And this Aristotelian re-balancing means that writers’ “ethos” – their moral character that is conveyed through their rhetorical choices – is essential to earn credibility in goodness. For example, a clear, convincing, cogent, articulate, powerful argument that is perceived to be overbearing and coercive may be less persuasive than a kinder, gentler argument that leaves room for the reader to reach his or her own conclusions.
Q: What are the challenges for you as a publisher/author in reaching
postmoderns? How do you market to postmoderns?
A: — In my writing, it means that I’ve strayed from nonfiction into fiction (in my “A New Kind of Christian” trilogy, for example). I find myself drawn to encode my message in a story rather than an analytical outline. I also end up quoting poetry a lot more – not cheesy greeting-card poetry, but the profound, slow-you-down-and-make-you-think kind.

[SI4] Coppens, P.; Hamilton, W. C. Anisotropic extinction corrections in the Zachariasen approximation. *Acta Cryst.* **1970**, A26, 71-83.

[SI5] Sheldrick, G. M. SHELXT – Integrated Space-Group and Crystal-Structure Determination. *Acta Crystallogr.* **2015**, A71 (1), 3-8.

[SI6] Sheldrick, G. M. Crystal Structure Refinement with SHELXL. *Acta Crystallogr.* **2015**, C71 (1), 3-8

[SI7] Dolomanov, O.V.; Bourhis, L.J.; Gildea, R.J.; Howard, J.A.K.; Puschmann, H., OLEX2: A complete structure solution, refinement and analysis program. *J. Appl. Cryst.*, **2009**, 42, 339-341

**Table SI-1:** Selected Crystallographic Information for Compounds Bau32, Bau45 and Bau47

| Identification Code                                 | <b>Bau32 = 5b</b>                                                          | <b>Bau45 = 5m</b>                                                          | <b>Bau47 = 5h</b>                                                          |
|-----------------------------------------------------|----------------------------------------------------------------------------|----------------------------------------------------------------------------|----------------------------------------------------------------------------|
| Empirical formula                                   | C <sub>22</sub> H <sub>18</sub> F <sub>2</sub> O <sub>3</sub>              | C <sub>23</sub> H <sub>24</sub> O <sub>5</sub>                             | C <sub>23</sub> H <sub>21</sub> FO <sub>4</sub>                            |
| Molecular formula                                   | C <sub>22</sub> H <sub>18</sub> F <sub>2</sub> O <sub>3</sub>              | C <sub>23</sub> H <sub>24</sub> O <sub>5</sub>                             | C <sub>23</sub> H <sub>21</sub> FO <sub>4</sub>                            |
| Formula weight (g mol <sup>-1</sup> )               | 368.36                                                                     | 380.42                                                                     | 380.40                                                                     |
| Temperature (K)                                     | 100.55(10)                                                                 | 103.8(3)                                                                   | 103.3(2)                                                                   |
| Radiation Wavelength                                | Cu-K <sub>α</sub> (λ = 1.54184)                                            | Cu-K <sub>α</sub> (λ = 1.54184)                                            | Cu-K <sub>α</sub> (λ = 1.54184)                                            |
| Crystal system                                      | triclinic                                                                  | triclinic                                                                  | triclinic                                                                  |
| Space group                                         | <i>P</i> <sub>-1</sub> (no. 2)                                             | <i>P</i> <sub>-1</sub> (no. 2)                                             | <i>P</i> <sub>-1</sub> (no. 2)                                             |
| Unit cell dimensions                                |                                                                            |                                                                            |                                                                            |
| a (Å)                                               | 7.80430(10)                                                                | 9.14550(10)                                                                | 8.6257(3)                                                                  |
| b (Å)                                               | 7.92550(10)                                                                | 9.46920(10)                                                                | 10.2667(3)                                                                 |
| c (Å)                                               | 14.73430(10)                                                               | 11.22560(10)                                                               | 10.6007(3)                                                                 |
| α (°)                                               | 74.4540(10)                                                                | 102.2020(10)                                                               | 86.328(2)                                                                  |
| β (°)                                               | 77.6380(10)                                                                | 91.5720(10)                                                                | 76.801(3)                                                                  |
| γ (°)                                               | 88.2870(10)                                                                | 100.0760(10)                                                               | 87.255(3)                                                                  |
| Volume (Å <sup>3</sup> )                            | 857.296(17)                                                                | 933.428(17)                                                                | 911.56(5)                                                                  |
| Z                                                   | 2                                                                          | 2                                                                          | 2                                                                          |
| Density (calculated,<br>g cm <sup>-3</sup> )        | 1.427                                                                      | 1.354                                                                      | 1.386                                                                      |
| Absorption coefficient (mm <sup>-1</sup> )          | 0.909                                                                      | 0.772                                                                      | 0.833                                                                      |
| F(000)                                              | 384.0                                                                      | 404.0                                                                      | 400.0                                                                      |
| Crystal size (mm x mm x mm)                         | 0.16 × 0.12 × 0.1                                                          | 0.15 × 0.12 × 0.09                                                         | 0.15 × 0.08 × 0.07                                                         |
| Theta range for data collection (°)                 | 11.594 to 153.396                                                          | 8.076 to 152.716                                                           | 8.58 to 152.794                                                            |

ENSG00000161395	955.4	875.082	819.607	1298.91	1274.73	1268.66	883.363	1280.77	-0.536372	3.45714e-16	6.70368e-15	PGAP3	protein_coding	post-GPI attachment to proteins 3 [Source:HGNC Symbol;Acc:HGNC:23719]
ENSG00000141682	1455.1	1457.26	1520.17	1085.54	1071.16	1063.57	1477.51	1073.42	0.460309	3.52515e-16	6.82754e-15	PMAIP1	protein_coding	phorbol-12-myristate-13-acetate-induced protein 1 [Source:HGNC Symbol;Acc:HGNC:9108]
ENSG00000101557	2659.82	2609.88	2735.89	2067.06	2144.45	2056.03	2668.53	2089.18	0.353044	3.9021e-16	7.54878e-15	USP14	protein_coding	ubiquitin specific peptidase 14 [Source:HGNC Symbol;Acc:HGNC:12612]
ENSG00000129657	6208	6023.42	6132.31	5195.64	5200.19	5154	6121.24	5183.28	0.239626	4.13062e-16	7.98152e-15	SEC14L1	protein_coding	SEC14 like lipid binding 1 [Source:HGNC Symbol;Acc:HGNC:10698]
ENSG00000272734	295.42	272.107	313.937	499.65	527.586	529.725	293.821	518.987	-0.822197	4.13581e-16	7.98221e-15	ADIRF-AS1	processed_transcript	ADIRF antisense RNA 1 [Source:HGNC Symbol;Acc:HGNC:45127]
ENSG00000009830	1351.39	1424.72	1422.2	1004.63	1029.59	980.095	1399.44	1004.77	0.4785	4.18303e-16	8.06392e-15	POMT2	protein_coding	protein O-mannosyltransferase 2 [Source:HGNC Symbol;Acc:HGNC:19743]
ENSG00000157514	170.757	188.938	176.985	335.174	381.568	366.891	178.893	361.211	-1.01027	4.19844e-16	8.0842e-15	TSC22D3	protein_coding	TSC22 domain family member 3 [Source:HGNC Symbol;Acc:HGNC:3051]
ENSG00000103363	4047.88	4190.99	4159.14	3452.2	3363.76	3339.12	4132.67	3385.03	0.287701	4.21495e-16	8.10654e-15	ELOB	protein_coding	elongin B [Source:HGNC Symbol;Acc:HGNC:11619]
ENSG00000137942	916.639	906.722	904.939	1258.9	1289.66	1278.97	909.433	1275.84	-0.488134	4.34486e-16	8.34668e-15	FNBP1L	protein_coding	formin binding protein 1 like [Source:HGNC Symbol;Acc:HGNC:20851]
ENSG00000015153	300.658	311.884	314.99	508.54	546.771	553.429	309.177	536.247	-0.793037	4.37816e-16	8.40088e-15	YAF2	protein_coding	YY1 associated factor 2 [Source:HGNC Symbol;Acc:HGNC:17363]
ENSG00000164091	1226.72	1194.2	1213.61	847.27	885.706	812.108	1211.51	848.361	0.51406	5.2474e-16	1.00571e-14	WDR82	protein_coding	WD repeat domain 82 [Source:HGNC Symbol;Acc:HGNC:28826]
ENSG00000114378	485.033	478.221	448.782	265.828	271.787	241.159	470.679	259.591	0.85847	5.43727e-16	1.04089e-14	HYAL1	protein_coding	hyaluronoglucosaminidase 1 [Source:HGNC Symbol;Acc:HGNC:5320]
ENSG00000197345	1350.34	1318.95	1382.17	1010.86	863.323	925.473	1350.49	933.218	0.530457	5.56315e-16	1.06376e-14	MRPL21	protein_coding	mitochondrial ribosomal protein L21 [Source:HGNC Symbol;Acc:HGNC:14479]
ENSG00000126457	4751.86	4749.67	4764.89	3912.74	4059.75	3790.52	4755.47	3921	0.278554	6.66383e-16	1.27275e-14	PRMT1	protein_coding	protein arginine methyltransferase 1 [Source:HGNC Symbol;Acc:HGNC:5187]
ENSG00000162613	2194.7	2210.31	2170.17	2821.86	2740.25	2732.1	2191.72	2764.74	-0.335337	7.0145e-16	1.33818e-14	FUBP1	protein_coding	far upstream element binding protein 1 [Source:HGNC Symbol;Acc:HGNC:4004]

–I think that postmodern culture looks for intrigue in a title. The title needs to have some rhythm, mystique, spark that goes beyond mere accuracy or clarity.
Q: What kind of backlash or opposition to a postmodern shift do you see in
Christian publishing? What authors are prominent in rejecting the concept
of having to use different communication styles to reach postmoderns?